If you havediabetes, sticking to your medication plan and eating regular mealscan help prevent hypoglycaemia.
It's also important to monitor your blood glucose levels.
Regularly monitoring your blood glucose levels can help you keep your blood glucose as normal and stable as possible, and will help you spot the signs and symptoms of hypoglycaemia quickly.
Your blood glucose level can vary throughout the day, so you may need to check it several times a day, depending on the treatment you're taking.
You canmonitor your blood glucose levels using a blood glucose meter, a small device that measures the concentration of glucose in your blood.
Eating extra carbohydrate-based foods before and during exercise can help reducethe chances of this happening.
If you're taking insulin, your doctor may advise you to lower your dose beforeyou dostrenuous physical activity.
Alcohol can also affect your body's ability to release glucose. If you have Type 1 diabetes , it's recommended that you drink no more than 2 to 3 units of alcohol a day and eat a snack after drinking alcohol.
As hypoglycaemia can develop suddenly, it's important to be aware of the symptoms of hypoglycaemia so you can treat it quickly. Tell your family and friends about the signs to look outfor andlet them know how to treat it.
People with diabetes are advised to carry a form of identification with them that states their condition so they can be helped quickly and efficiently.
If you're at risk of hypoglycaemia, you should carry sugary food and drink with you at all times to treat mild cases as soon as possible.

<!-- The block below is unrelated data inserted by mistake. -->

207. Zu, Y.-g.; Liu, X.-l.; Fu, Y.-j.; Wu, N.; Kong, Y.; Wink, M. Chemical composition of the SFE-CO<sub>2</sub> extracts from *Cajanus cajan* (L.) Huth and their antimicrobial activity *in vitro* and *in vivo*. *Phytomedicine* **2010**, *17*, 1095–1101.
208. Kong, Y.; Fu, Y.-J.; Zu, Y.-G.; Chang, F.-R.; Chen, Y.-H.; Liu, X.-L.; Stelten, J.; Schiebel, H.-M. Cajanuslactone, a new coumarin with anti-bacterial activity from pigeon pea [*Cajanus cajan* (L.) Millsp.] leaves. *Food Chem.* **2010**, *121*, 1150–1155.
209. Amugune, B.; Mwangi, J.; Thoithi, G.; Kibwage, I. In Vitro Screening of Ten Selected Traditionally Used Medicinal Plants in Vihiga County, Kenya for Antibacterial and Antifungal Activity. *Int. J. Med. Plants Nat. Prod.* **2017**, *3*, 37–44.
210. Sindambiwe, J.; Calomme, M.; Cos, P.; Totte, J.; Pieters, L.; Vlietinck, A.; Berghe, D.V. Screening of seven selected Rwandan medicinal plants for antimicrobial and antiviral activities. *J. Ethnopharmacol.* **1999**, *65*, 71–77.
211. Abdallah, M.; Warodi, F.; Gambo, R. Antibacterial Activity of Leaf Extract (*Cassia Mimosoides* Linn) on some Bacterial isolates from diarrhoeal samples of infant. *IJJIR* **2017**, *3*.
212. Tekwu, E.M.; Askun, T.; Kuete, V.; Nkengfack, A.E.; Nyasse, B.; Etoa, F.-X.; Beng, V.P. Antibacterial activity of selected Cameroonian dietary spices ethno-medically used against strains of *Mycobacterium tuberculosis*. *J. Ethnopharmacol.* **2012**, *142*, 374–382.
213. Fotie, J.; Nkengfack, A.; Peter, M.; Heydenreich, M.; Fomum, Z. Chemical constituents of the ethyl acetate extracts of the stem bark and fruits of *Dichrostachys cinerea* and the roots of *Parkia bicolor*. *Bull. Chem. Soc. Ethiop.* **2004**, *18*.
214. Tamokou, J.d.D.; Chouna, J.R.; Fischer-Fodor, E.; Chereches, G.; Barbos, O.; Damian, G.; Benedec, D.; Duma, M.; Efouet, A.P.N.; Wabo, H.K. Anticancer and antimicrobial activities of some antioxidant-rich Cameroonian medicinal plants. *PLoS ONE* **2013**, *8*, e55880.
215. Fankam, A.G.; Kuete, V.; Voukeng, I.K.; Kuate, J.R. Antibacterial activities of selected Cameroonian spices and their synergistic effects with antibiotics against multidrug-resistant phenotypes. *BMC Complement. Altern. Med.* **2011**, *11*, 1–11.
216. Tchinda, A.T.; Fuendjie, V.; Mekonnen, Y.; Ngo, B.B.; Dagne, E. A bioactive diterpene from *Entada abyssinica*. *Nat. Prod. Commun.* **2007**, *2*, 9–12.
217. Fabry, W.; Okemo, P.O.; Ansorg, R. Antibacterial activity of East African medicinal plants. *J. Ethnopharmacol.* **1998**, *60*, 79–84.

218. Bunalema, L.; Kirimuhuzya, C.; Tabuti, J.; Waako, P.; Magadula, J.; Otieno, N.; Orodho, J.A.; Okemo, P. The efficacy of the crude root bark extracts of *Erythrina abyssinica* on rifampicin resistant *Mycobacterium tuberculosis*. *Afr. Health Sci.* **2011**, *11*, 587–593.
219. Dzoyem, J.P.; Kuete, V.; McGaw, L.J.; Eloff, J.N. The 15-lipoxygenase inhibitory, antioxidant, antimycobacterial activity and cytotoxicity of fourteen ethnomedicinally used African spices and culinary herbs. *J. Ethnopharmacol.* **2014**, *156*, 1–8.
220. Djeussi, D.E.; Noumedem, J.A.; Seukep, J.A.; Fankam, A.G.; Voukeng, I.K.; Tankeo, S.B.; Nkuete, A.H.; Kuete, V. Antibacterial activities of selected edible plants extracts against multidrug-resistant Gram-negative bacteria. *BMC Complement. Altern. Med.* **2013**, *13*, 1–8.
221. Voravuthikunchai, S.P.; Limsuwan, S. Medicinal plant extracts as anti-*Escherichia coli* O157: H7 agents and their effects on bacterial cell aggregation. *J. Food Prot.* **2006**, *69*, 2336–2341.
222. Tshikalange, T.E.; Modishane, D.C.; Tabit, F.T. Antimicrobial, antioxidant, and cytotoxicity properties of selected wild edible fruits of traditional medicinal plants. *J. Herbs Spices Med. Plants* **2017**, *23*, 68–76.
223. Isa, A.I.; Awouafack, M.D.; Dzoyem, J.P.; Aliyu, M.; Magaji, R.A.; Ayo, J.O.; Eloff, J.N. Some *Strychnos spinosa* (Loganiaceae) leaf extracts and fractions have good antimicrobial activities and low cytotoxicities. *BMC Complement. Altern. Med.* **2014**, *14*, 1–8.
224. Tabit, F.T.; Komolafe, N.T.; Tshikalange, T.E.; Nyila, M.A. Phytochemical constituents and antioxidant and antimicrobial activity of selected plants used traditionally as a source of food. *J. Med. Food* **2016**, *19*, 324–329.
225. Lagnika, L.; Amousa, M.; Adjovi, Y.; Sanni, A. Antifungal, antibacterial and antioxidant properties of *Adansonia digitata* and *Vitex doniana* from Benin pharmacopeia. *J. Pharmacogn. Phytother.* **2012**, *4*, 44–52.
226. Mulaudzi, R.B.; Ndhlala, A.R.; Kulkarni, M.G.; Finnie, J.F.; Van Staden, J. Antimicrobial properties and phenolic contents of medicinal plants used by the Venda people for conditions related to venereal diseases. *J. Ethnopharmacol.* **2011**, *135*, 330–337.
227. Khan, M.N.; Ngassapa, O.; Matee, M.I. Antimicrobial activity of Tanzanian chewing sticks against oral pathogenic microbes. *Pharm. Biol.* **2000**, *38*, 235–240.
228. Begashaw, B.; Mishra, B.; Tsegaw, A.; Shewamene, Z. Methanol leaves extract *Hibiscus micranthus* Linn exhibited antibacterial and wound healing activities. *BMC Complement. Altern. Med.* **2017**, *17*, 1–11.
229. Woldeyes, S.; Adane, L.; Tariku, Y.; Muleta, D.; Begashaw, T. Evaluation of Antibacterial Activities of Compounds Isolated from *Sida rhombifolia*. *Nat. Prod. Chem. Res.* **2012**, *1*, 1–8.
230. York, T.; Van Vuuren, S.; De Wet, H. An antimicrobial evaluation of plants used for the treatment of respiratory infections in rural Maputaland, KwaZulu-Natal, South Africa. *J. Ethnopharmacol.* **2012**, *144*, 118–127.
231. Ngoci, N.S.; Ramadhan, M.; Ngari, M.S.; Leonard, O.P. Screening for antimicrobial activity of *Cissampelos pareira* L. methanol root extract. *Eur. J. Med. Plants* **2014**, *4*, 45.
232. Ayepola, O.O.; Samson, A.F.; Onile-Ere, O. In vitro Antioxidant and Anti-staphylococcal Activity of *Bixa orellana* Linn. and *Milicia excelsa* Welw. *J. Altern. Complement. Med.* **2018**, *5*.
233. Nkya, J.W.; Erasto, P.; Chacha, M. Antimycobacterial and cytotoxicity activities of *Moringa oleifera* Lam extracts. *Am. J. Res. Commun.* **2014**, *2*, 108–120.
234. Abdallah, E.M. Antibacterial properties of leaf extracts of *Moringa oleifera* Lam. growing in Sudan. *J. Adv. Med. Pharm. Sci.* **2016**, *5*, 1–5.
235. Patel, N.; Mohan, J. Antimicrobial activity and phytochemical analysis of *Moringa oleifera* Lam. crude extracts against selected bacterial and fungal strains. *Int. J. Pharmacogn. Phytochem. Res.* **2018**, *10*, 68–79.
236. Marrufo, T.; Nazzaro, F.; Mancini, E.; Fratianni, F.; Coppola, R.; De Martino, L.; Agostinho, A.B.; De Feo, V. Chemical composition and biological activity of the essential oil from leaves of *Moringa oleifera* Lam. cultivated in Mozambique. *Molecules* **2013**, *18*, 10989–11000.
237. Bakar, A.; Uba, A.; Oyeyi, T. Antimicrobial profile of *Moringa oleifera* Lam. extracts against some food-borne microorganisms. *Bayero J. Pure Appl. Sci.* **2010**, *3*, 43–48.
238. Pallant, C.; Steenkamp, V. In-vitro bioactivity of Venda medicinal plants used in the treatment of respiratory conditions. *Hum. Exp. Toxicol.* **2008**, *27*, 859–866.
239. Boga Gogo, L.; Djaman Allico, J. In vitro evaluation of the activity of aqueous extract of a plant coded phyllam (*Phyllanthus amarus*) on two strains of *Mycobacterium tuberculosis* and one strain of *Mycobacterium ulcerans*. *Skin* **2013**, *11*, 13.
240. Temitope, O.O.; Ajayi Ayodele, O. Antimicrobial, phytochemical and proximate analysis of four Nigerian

If you have diabetes, particularly type 1 diabetes, your doctor may recommend medications such as glucose gelto carry with you. This can be used to treat hypoglycaemia that doesn't respond to normal treatment.
If you're being treated with insulin, you'll usually be given a kit that contains aninjection of a medication called glucagon. Family members or your carer can be trainedto carry out the injection, which should be used if you lose consciousness because ofsevere hypoglycaemia.
It's important to avoid recurrent hypoglycaemia during the night (nocturnal hypoglycaemia)as it can reduce the early symptoms of daytime episodes.
If you experience nocturnal hypoglycaemia, you can try:
As hypoglycaemia can cause confusion, drowsiness, or even unconsciousness, this can present a significant risk to you or other road users.
If you have diabetes that requires treatment with insulin, you must:
If you experience hypoglycaemia while driving, pull over and stop as soon as it's safe to do so. Remove the keys from the ignition and get out of the driver's seat before treating hypoglycaemia in the normal way.
If you have two or more episodes of hypoglycaemia that require assistance in a 12-month period, it's a legal requirement to stop driving and inform the DVLA.
If you're a group two driver (you hold a licence to drive buses, coaches or lorries), you're legally required to stop driving group two vehicles immediately and inform the DVLA if you have a single episode of hypoglycaemia that requires assistance.
Inform your diabetes care team if you start having problems recognising hypoglycaemia or you start to have more regular episodes, evenif there werewarning symptoms and you were able to treat them without assistance.
See theGOV.UK website for more information about hypoglycaemia and driving .
Find out about the symptoms of hypoglycaemia, what causes it, how it can be treated and managed, and how to prevent it.
It's important to be aware of the signs and symptoms of hypoglycaemia, which can include feeling hungry, sweating, dizziness, tiredness and blurred vision.
Find out what can cause hypoglycaemia in people with and without diabetes.
Find out how you can treat an episode of hypoglycaemia after recognising the symptoms, and how to treat someone who's unconscious.
How to avoid hypoglycaemia if you have diabetes, including monitoring your blood glucose levels, eating carbohydrates and keeping treatment within easy access.